[Bash-completion-devel] some patches from a git repo

Ville Skyttä ville.skytta at iki.fi
Tue May 3 19:25:16 UTC 2011

On 05/03/2011 09:42 PM, Raph wrote:
> On Tue, May 03, 2011 at 09:22:00PM +0300, Ville Skyttä wrote:
>> -D|--database: What's the -E argument to sed?
> Extended regexp (to avoid too much backslashes) but I not sure whether or not
> it's cross-platform.

It isn't.  For example my sed (GNU sed 4.2.1) does not document it in
the man page or --help output, don't know if it works nevertheless.  My
sed does on the other hand document -r/--regexp-extended for that
purpose but that isn't portable either.  POSIX sed has only -n, -e, and
-f; no extended regexps there.


http://pubs.opengroup.org/onlinepubs/9699919799/ -> Shell & Utilities ->
Utilities is a useful resource.  That's the 2008 edition, the older 2004
one is at http://pubs.opengroup.org/onlinepubs/009695399/ (for even more
conservative use of various tools).

In my experience awk has fewer portability issues than sed, but then
again a lot of things these tools and grep, cut, tr etc are used for
could be done in pure bash nowadays as well, but that'll often require a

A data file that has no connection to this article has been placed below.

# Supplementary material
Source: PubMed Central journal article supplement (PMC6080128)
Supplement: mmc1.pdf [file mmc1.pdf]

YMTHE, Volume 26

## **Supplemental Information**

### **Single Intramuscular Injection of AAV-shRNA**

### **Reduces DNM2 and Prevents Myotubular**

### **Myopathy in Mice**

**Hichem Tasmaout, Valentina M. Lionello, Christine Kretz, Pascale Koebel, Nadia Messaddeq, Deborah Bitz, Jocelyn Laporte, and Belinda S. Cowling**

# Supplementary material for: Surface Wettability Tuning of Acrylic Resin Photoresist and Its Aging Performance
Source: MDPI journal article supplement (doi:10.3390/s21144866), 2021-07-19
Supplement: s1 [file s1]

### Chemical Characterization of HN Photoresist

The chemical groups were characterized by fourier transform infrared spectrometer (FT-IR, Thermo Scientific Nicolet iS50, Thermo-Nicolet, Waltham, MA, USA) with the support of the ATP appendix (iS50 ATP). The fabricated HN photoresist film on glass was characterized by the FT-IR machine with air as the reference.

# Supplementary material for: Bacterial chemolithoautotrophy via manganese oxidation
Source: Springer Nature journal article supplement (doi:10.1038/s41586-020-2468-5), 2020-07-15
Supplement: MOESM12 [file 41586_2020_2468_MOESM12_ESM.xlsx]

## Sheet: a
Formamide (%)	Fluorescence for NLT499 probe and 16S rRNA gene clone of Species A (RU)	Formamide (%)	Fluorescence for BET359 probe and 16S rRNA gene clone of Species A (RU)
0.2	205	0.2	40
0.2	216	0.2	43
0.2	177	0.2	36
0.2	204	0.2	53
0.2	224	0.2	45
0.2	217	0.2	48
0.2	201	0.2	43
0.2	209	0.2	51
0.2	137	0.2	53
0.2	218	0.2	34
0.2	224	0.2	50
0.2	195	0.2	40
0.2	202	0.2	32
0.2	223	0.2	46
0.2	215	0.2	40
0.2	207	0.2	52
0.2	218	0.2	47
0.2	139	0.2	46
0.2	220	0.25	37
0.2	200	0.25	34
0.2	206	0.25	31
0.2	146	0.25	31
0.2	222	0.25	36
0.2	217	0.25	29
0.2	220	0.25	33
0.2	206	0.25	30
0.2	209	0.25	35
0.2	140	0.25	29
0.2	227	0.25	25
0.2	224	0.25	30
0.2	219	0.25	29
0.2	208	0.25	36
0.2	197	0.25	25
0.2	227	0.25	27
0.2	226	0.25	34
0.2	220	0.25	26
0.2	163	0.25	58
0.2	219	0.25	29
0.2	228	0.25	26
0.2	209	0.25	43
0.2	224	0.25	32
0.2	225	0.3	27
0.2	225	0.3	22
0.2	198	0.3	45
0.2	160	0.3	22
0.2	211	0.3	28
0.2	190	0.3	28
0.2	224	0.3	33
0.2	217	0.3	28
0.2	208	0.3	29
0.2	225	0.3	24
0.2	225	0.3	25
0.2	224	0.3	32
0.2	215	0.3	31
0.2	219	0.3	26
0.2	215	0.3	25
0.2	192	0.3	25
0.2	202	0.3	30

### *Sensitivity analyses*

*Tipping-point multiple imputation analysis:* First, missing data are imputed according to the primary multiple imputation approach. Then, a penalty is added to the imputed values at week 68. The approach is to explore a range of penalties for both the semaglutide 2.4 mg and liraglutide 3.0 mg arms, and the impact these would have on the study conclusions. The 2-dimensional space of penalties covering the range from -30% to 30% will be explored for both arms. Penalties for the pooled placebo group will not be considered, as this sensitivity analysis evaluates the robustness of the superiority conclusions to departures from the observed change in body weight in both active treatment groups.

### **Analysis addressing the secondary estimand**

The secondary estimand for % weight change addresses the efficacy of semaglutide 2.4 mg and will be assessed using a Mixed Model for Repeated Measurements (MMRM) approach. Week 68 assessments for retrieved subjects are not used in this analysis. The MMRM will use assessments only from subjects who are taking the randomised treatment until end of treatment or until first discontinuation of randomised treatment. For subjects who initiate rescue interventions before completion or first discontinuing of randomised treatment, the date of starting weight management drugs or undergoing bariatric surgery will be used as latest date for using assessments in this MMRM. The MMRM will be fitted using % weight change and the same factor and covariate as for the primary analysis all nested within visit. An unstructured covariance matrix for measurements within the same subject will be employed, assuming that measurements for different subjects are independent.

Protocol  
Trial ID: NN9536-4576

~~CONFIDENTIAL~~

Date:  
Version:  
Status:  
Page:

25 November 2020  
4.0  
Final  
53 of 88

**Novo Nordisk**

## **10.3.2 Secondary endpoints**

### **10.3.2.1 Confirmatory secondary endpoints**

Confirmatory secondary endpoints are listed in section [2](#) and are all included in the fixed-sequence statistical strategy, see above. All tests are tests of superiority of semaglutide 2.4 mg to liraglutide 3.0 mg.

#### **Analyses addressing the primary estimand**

few more lines of code.  For portability and maintainability that's good
however, and I personally intend to start doing more things in bash
where it's not too cumbersome for my taste in the future.

>> --default-character-set: the -I argument to ls is not portable, and I
>> suppose this could be done fairly easily without ls and sed
>> altogether.
> At the time I wrote it I didn't find alternative as the mysql doc stated
> that the mysql client look into this directory to find encodings.

What the dir is isn't my point, my point is portability of how tools to
access the dir are used, specifically the -I option to ls.  Something
like this should be portable:

$( command ls /usr/share/mysql/charsets 2>/dev/null \
   | sed -e '/Index\.xml/d' -ne 's/.xml$//p' )

...or it could be done in pure bash, for example:

files=( /usr/share/mysql/charsets/!(Index).xml )
files=( ${files[@]##*/} ) ; files=( ${files[@]%.xml} )

...but that's a bit ugly.  (Maybe there's a more elegant way to do it in
pure bash, but that's the first one I thought of.)

>>> - 2 versions of the wget completion
>> Why 2 versions?  What are the differences, and which one do you
>> recommend?  I don't think we want more than one completion per
>> command.
> bash 4 and bash 3 compatible versions (-o filenames, ...)

Okay, we now require 4.1+ so the choice is clear, I'll look into this,
but it'll probably take more than a few days until I get to it.  Others
are welcome to beat me to it ;)

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